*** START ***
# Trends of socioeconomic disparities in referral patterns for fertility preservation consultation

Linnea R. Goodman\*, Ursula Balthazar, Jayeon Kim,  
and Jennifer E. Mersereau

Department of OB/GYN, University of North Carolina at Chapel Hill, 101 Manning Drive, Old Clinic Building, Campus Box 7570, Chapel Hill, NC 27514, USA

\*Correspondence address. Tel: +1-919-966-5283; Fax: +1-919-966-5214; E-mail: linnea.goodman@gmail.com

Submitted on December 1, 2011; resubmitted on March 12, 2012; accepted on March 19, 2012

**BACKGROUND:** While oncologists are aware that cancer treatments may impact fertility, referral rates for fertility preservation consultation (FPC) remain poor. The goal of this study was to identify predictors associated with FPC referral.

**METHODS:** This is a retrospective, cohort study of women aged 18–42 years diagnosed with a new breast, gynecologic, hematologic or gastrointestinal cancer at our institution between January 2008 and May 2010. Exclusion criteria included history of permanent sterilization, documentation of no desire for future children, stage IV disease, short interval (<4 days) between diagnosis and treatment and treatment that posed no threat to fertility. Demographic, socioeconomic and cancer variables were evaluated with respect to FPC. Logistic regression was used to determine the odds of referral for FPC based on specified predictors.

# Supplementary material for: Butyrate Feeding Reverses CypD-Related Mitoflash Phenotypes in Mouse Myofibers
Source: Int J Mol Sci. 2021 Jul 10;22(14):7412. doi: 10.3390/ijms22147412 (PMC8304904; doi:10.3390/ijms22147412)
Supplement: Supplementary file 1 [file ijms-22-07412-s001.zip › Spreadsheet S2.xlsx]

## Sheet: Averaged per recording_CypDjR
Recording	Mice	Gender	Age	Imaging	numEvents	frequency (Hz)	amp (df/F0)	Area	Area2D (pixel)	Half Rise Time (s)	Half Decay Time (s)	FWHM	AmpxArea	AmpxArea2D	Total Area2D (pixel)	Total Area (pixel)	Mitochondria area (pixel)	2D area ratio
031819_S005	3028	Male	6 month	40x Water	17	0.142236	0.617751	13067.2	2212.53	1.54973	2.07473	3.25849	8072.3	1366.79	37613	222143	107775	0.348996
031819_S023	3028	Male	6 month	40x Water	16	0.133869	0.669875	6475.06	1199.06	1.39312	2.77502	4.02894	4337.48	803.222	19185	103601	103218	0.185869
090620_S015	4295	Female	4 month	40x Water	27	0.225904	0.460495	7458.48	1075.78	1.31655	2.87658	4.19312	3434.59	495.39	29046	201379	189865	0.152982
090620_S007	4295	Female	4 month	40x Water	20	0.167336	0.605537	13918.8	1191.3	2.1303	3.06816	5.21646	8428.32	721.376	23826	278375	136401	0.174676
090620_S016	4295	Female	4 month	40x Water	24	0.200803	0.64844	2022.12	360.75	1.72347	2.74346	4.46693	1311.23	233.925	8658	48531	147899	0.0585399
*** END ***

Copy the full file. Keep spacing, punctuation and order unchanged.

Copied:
# Trends of socioeconomic disparities in referral patterns for fertility preservation consultation

Linnea R. Goodman\*, Ursula Balthazar, Jayeon Kim,  
and Jennifer E. Mersereau

Department of OB/GYN, University of North Carolina at Chapel Hill, 101 Manning Drive, Old Clinic Building, Campus Box 7570, Chapel Hill, NC 27514, USA

\*Correspondence address. Tel: +1-919-966-5283; Fax: +1-919-966-5214; E-mail: linnea.goodman@gmail.com

Submitted on December 1, 2011; resubmitted on March 12, 2012; accepted on March 19, 2012

**BACKGROUND:** While oncologists are aware that cancer treatments may impact fertility, referral rates for fertility preservation consultation (FPC) remain poor. The goal of this study was to identify predictors associated with FPC referral.

**METHODS:** This is a retrospective, cohort study of women aged 18–42 years diagnosed with a new breast, gynecologic, hematologic or gastrointestinal cancer at our institution between January 2008 and May 2010. Exclusion criteria included history of permanent sterilization, documentation of no desire for future children, stage IV disease, short interval (<4 days) between diagnosis and treatment and treatment that posed no threat to fertility. Demographic, socioeconomic and cancer variables were evaluated with respect to FPC. Logistic regression was used to determine the odds of referral for FPC based on specified predictors.

# Supplementary material for: Butyrate Feeding Reverses CypD-Related Mitoflash Phenotypes in Mouse Myofibers
Source: Int J Mol Sci. 2021 Jul 10;22(14):7412. doi: 10.3390/ijms22147412 (PMC8304904; doi:10.3390/ijms22147412)
Supplement: Supplementary file 1 [file ijms-22-07412-s001.zip › Spreadsheet S2.xlsx]

## Sheet: Averaged per recording_CypDjR
Recording	Mice	Gender	Age	Imaging	numEvents	frequency (Hz)	amp (df/F0)	Area	Area2D (pixel)	Half Rise Time (s)	Half Decay Time (s)	FWHM	AmpxArea	AmpxArea2D	Total Area2D (pixel)	Total Area (pixel)	Mitochondria area (pixel)	2D area ratio
031819_S005	3028	Male	6 month	40x Water	17	0.142236	0.617751	13067.2	2212.53	1.54973	2.07473	3.25849	8072.3	1366.79	37613	222143	107775	0.348996
031819_S023	3028	Male	6 month	40x Water	16	0.133869	0.669875	6475.06	1199.06	1.39312	2.77502	4.02894	4337.48	803.222	19185	103601	103218	0.185869
090620_S015	4295	Female	4 month	40x Water	27	0.225904	0.460495	7458.48	1075.78	1.31655	2.87658	4.19312	3434.59	495.39	29046	201379	189865	0.152982
090620_S007	4295	Female	4 month	40x Water	20	0.167336	0.605537	13918.8	1191.3	2.1303	3.06816	5.21646	8428.32	721.376	23826	278375	136401	0.174676
090620_S016	4295	Female	4 month	40x Water	24	0.200803	0.64844	2022.12	360.75	1.72347	2.74346	4.46693	1311.23	233.925	8658	48531	147899	0.0585399